Experts lament the shortage of patients who opt to enroll in clinical trials — and with hundreds of cancer drugs in development, the need for such people is only growing. Part of the problem is a necessary evil: patients know that their chance of being given a potentially life-saving experimental drug is tempered by the chance of being given nothing more than the standard level of treatment. According to H. Kim Lyerly, director of the Duke Comprehensive Cancer Center, "Only three percent of adults with cancer enroll in clinical trials, yet through these trials they can receive the most innovative drugs available in the world."

Robert Bast, VP of translational research at the MD Anderson Cancer Center, says that one way to make progress in this field is to deal with the reimbursement side. "There's not consistent and uniform reimbursement of patient care costs for patients who are on trials," he says.

4. Consistently deliver funding for translational research.

The NIH budget crunch is no secret, and while NCI's portion of that is generous, the flat budget has meant that "we're probably down 16 or 20 percent from five years ago" thanks to inflation, Bast says. He contends that the lack of consistent funding is a major challenge in the cancer arena. "It's always been tough to get money for translational research," he adds. 

5. Improve communication between regulatory agencies, drug development companies, and academic institutions.

Zerhouni says that getting more people on the same page would be a big win for the cancer community. "The cancer centers and all the connections they have with industry have worked," he says, noting that extending those kinds of interactions would be a boon to the field.

As Duke's Lyerly puts it, "We need continued dialogue throughout the drug development process that allows more open and collaborative discussions about a drug's viability." His center co-hosts an annual workshop to "bring together leaders in clinical and translational cancer research [to] expedite the development and validation processes for new anticancer and cancer prevention agents so they can be made available to patients at an accelerated rate."

6. Broker partnerships among pharmaceutical companies for multiple-drug clinical trials.

Clinical trials generally test one therapeutic, but in the real world, cancer patients are almost always prescribed cocktails of multiple drugs. Bast says one challenge is performing clinical trials with many drugs because that generally means getting pharmas to work with each other. "It would be very helpful to have more collaborations across companies," he says.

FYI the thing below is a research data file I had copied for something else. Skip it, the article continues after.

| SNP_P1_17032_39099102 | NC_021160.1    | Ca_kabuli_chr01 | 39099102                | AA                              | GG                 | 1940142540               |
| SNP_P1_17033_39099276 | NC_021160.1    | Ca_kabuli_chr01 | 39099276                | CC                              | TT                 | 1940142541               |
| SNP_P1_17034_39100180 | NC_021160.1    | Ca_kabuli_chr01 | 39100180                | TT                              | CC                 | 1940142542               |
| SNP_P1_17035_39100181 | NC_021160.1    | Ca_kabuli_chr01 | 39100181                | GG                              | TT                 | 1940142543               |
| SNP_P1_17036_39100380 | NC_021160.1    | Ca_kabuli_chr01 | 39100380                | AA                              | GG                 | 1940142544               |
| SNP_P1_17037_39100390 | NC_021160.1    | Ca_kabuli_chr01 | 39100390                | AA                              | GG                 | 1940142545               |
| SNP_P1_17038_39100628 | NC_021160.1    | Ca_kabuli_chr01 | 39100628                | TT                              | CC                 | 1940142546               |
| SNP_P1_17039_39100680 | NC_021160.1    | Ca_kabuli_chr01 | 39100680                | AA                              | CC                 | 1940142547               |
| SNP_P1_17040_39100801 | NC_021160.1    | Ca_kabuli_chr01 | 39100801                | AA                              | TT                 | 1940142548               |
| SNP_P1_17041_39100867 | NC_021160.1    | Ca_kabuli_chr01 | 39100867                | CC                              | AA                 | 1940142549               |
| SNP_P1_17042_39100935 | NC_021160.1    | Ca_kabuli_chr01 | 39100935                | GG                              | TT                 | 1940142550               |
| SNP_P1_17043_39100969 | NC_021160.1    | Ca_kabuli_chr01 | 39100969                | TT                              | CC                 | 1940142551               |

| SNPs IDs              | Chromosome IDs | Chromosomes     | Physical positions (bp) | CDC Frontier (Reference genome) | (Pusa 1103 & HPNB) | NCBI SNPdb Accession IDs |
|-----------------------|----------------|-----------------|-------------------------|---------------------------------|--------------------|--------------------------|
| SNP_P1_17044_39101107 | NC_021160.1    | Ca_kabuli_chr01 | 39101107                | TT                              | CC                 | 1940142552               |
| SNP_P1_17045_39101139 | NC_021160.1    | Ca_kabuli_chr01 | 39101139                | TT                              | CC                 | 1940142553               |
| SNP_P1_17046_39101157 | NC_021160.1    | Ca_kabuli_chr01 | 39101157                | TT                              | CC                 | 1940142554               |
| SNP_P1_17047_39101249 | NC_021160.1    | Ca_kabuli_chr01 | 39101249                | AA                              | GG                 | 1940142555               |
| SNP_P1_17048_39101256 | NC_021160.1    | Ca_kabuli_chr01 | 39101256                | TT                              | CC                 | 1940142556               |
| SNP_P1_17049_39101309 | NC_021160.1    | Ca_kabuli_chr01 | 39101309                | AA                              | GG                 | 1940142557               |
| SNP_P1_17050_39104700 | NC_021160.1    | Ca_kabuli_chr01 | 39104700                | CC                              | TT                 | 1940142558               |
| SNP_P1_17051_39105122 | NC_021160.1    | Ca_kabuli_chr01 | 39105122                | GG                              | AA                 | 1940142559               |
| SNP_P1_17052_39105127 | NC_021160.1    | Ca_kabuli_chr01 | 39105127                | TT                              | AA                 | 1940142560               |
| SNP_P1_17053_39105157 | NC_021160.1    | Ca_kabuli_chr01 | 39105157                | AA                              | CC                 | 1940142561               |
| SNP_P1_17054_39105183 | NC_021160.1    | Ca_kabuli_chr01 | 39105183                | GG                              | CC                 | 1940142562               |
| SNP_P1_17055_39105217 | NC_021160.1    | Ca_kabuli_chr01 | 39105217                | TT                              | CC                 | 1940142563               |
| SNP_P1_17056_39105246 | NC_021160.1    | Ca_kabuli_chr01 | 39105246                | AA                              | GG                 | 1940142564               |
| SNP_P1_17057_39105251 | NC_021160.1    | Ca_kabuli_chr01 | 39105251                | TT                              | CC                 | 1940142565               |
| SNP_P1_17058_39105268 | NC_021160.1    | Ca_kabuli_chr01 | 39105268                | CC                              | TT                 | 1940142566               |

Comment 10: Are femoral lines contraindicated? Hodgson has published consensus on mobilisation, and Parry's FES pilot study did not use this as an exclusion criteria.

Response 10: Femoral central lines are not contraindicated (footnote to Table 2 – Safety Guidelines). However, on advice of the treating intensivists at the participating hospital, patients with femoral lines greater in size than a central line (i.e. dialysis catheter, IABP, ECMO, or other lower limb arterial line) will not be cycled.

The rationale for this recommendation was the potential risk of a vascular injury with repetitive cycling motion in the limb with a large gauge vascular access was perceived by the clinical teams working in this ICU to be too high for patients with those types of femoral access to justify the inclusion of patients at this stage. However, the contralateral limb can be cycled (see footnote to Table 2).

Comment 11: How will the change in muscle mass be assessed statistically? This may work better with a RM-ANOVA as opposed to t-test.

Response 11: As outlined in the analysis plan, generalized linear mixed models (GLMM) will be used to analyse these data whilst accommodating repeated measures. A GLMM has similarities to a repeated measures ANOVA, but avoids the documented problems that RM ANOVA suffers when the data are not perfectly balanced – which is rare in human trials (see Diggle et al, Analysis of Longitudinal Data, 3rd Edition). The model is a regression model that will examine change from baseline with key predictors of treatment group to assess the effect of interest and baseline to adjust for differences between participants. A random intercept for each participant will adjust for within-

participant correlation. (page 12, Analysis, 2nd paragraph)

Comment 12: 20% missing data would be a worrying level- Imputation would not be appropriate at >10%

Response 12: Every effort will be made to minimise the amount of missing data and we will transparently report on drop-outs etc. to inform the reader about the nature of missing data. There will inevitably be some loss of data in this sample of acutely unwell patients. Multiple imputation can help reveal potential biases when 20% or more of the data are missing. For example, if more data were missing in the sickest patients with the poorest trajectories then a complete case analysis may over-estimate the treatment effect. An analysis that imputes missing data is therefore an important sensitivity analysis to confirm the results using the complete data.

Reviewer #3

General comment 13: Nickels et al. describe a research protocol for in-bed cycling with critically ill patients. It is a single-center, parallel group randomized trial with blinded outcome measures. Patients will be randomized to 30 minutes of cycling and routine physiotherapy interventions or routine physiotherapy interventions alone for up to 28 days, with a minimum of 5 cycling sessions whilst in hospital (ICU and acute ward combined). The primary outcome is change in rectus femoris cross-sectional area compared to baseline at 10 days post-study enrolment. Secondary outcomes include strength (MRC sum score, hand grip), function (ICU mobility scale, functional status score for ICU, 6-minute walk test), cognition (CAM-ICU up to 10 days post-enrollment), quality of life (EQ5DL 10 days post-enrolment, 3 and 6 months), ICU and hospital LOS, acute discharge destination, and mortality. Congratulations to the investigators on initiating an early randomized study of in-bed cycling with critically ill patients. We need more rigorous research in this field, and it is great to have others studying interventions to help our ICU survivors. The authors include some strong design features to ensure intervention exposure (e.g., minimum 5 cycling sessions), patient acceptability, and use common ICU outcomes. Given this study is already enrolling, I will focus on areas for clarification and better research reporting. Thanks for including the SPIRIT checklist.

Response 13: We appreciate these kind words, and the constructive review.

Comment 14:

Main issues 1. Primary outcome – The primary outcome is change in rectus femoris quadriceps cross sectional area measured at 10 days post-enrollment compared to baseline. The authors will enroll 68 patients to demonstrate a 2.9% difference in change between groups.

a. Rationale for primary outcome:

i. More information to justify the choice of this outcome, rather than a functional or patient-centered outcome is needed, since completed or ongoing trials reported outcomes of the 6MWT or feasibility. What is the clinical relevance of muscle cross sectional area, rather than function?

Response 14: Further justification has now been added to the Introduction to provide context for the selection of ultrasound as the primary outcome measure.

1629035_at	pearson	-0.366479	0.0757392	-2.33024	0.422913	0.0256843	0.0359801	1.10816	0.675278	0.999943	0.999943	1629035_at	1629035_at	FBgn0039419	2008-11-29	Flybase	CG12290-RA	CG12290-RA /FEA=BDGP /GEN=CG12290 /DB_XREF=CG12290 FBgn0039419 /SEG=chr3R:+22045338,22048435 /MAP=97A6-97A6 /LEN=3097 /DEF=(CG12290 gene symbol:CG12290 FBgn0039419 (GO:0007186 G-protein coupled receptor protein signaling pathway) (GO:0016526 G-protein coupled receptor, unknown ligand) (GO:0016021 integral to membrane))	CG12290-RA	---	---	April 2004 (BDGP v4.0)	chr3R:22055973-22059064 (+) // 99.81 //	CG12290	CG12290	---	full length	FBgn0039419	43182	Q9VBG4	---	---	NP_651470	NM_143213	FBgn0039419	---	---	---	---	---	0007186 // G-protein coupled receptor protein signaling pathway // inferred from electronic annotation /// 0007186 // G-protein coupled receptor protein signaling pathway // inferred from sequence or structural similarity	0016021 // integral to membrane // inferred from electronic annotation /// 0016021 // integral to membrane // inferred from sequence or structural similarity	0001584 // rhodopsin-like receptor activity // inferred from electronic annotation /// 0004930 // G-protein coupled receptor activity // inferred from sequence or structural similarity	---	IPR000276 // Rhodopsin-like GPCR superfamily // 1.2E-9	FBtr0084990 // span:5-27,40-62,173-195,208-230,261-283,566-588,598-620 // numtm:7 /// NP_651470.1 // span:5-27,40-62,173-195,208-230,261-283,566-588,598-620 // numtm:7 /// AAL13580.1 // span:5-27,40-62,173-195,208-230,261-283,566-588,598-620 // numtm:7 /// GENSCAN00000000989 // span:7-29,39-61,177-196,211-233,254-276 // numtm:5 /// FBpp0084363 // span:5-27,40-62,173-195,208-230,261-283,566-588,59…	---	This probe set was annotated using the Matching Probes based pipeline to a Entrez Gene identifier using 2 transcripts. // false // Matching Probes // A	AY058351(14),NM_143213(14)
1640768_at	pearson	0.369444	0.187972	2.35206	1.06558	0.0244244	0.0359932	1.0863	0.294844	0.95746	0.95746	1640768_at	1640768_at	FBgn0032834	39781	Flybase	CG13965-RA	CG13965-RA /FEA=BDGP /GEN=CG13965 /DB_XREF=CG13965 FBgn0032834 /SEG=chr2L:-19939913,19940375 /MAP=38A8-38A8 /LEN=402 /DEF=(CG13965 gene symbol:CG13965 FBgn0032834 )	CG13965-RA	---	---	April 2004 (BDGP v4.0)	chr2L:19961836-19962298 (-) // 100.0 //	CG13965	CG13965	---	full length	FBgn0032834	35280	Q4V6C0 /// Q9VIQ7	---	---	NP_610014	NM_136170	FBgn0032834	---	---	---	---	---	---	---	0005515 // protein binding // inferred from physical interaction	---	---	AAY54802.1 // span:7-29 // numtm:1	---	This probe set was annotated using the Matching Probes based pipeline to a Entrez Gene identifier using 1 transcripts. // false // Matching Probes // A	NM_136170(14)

7. Keep drugs that perform marginally off the regulatory agencies' to-do list.

FDA's Pazdur doesn't mince words about the problem as far as his agency is concerned, and that's drug companies that submit sub-optimal candidates for approval. "We have to expend a large amount of resources by sorting through drugs that should have never been filed," he says. "For many of the small companies, if you only have one drug, it can be a life-saving event to put forward a drug to the FDA, even if the clinical trial is dubious or failed."

Because of that, Pazdur believes the FDA is indeed a bottleneck in the race to cure cancer — but it's a bottleneck because it's clogged with submissions that have to be weeded out. "The problem is in drugs that are marginal," he says. "We all understand the problems in treating oncology patients, but we're not benefiting anyone to put on the market a drug that doesn't work or has a really unfavorable risk-benefit ratio." 

Standing in the Way

Genome Technology Online ran a poll to find out what readers feel is the main holdup to getting promising research to the clinic. Here's what you said:

What's the biggest barrier between great cancer research and broad clinical impact?

32%  Time
The advances are on the way, but it just takes a long time for drug development and clinical trials.

28%  Science/technology
We're still waiting for a big breakthrough.

21%  Funding
Scientists at universities and in industry need more money for the work.

10%  IP
Too much is locked up in patent portfolios, preventing significant progress.

9%  Regulatory agencies
FDA and its counterparts need to be more proactive and efficient.